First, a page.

TODAY, local journalists observe a weeklong commemoration of press freedom.
Thirty-eight years ago, Ferdinand Marcos placed the country under martial law and scuttled all forms of liberty.
Such Sept. 21 associations put the spotlight on the journalist.
This year, though, my thoughts are on the other player, less visible but more vital: the reader.
The term, “reader,” limits. The generic “audience” encompasses better the target of all forms of messages.
Yet, with technology and the Internet changing the way we communicate, the concept of “audience,” slouching like a group of people passively receiving and reacting to media content, seems antediluvian.
Contemporary communication is all about the counterflow. Audiences now text, blog, tweet and network through Facebook and other sites. While before, the mass media and some institutions like the state shaped the public agenda, the traditional media now pick up issues first raised and later whipped up to critical mass by Netizens.
Although intrigued by citizens adept at and assertive in using the new communication tools, I am keeping my eyes on the reader.
Yes, that’s right: this is the person who picks up a paper or book or can of meat and deciphers word, sentences or symbols for meaning.
In rarefied circles like the academe, reading may be convoluted and competitive: “I’m reading women’s studies at the University of the Philippines” is not equated with the same gravitas as “I am reading the label to find out this corned beef’s sodium content”.
But in daily usage, language is liberated from pedantic neuroses. English, the language used by four billion people—representing two-thirds of the planet, claims Newsweek.com—has a variety of expressions to accommodate all kinds, as well as levels, of reading.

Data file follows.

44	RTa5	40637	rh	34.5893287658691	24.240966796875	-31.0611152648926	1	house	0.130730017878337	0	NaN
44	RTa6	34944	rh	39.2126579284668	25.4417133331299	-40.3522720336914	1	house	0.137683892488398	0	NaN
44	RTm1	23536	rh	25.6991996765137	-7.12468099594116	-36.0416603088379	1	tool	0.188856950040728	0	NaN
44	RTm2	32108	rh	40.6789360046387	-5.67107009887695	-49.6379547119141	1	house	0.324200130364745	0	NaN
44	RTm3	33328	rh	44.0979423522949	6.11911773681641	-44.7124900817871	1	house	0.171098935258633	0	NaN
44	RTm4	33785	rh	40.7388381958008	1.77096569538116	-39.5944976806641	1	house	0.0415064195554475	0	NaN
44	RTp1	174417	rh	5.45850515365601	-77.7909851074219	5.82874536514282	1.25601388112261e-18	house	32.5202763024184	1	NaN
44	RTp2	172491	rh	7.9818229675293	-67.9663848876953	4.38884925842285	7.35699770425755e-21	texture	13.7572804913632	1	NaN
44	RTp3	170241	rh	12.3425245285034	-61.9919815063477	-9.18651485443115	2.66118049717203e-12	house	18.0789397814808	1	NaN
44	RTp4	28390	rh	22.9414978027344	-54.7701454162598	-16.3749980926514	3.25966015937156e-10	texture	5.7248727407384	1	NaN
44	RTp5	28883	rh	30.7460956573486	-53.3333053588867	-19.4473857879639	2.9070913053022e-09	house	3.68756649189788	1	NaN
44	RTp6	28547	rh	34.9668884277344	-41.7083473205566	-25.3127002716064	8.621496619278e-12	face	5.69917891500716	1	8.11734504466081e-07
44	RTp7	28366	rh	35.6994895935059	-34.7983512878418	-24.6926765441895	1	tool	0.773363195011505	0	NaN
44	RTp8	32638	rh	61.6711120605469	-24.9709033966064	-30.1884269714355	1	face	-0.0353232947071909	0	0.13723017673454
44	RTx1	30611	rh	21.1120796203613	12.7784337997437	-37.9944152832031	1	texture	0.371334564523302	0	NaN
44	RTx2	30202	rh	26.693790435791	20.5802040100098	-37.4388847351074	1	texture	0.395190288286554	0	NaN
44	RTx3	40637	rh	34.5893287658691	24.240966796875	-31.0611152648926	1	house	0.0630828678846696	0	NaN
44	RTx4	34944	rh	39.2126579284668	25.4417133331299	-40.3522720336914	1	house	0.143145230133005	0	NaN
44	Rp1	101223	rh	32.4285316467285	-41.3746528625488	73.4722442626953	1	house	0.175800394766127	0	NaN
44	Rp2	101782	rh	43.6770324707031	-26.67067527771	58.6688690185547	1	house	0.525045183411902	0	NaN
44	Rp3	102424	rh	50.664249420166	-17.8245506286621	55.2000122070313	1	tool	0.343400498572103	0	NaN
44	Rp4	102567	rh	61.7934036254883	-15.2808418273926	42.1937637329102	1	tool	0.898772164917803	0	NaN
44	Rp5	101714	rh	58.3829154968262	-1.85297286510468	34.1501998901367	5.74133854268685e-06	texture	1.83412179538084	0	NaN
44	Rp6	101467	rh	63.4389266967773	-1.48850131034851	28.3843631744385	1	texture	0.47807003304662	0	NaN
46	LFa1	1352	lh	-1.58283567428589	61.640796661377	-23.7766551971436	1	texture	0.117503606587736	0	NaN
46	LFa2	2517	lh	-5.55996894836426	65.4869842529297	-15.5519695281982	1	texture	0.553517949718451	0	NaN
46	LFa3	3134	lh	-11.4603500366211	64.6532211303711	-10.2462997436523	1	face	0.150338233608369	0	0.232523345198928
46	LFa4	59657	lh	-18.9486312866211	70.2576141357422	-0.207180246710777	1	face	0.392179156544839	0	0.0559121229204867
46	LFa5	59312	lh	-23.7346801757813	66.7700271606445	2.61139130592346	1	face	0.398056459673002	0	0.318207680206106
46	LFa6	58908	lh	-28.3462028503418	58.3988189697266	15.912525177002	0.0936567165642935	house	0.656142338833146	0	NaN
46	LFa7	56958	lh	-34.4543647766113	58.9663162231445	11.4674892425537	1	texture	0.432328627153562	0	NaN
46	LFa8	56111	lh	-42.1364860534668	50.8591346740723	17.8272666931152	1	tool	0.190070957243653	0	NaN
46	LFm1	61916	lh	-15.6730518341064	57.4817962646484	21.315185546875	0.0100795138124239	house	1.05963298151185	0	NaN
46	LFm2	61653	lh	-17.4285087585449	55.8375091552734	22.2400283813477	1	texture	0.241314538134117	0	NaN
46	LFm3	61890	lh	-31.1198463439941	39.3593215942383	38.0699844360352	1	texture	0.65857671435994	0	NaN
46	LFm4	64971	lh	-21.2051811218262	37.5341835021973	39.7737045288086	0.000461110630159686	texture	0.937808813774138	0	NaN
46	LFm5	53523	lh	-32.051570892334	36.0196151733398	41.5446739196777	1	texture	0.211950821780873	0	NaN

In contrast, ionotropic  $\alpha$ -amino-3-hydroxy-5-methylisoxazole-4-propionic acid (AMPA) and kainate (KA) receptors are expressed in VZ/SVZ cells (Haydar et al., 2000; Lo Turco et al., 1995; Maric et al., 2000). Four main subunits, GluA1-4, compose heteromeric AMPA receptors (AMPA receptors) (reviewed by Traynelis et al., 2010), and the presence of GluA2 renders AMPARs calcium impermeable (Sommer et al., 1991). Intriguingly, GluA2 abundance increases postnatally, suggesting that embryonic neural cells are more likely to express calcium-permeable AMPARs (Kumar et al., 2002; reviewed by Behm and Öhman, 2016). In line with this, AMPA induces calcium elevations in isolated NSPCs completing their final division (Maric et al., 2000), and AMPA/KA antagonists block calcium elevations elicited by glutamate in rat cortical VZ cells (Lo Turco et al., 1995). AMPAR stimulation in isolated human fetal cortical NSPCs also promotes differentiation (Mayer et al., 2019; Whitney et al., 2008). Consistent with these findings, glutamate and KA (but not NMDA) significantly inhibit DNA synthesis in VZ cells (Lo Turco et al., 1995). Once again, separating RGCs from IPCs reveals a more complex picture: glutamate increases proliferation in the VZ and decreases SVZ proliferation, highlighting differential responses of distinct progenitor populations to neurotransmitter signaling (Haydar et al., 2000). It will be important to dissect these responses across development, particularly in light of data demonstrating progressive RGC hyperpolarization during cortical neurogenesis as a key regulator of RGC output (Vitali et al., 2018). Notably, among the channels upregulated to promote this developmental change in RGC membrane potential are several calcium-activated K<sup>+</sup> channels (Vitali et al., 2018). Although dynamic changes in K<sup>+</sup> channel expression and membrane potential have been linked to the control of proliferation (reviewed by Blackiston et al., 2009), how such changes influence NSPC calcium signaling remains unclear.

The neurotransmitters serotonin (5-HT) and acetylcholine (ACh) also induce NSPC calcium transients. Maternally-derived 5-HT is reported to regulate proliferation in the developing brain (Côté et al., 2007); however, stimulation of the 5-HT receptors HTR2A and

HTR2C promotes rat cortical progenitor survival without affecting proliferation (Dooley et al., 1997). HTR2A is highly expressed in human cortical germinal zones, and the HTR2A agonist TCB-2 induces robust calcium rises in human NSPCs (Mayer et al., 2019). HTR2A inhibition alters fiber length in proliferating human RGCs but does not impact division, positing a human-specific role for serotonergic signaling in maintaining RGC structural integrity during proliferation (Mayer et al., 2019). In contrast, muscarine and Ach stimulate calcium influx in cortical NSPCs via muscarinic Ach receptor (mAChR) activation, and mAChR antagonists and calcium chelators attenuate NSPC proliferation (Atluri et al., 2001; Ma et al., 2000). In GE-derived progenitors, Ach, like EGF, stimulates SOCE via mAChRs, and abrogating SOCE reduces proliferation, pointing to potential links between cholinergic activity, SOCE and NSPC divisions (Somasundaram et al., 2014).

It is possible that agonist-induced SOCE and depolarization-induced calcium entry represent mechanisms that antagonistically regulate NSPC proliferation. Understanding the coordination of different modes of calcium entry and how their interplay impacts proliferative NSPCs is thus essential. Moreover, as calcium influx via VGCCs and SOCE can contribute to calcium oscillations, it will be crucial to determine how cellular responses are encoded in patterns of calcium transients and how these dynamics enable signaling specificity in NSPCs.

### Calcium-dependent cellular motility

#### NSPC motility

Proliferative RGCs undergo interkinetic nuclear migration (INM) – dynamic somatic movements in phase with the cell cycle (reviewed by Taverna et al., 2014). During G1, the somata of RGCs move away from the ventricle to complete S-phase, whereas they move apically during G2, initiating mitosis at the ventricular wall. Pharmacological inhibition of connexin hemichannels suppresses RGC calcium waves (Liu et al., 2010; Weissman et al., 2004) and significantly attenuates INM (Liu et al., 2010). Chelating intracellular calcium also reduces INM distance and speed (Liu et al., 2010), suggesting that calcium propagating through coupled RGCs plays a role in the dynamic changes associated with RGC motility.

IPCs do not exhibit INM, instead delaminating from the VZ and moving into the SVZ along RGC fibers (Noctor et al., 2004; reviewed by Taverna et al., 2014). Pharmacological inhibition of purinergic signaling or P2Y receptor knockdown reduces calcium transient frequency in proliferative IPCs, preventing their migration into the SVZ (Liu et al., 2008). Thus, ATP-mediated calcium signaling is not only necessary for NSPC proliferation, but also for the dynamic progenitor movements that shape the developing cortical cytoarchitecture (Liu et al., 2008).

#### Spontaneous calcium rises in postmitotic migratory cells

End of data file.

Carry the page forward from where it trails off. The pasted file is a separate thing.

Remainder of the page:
My copy of the Longman Dictionary of Contemporary English, for instance, lists these words when one is reading parts only of something: “dip into” and “flick/leaf/browse through”. If one’s reading quickly, “scan” and “skim” will do. Or if carefully, “pore over” and “scrutinize”.
What the British bemoan as “plowing through” is, more or less, the same as an American’s “wading through”. Both expressions stand for the act of reading something long and boring, or “plough through,” if one prefers standard English.
To those who think this is petty puffery, I’d like to know how they think one can fill out forms without knowing how to read? Or write one’s name or find an address or read a lover’s poem and find out if it’s been copied?
Reading takes up time, specially since reading usually begets rereading.
Don’t begrudge reading the hours and reflection demanded. What activity other than reading yields a more invaluable bumper crop: perseverance to ferret out meaning, patience to listen to another without butting in, and perspective to discover how one’s views are better when buffed against the thoughts of others, whether like or unlike-minded?
Last year, I listened to Randy David recall how it was when martial law (ML) was imposed in the country: teachers, students, writers and activists raced to burn and get rid of their books and other writings before they were arrested and taken away.
Though aged seven when ML was declared, I felt my own throat gag, imagining hundreds of toilets all over the country jamming under the weight of ashes flushed in the haste of fear.
This time, it may be better. In Sun.Star Superbalita’s Sept. 17 issue are photos showing politicians reading stories to school children and a company donating books to Sawang Calero Elementary School. According to a Sept. 15 “Neighborhood” article in Sun.Star Cebu, the Armed Forces of the Philippines and a private commercial bank are distributing 500,000 books to grade two pupils in public schools in Central Visayas.
In another “Neighborhood” article, published in Sun.Star Cebu’s Sept. 17 issue, Quota International of Metro Cebu launched a drive to collect books for children with special needs in six public Special Education Centers in Cebu City. On Sept. 24-26, Tsinelas Association Inc. will hold its third “Their Books” sale in an uptown mall to raise funds to keep children in school.
How apt: from a 38-year-old memory of ashes uncoiling from the bowels of history, these tales of renewal for any reader to relish and reread.
(firstname.lastname@example.org/ mayettetabada.blogspot.com/ 09173226131)
*First published in Sun.Star Cebu’s Sept. 19, 2010 issue of “Matamata”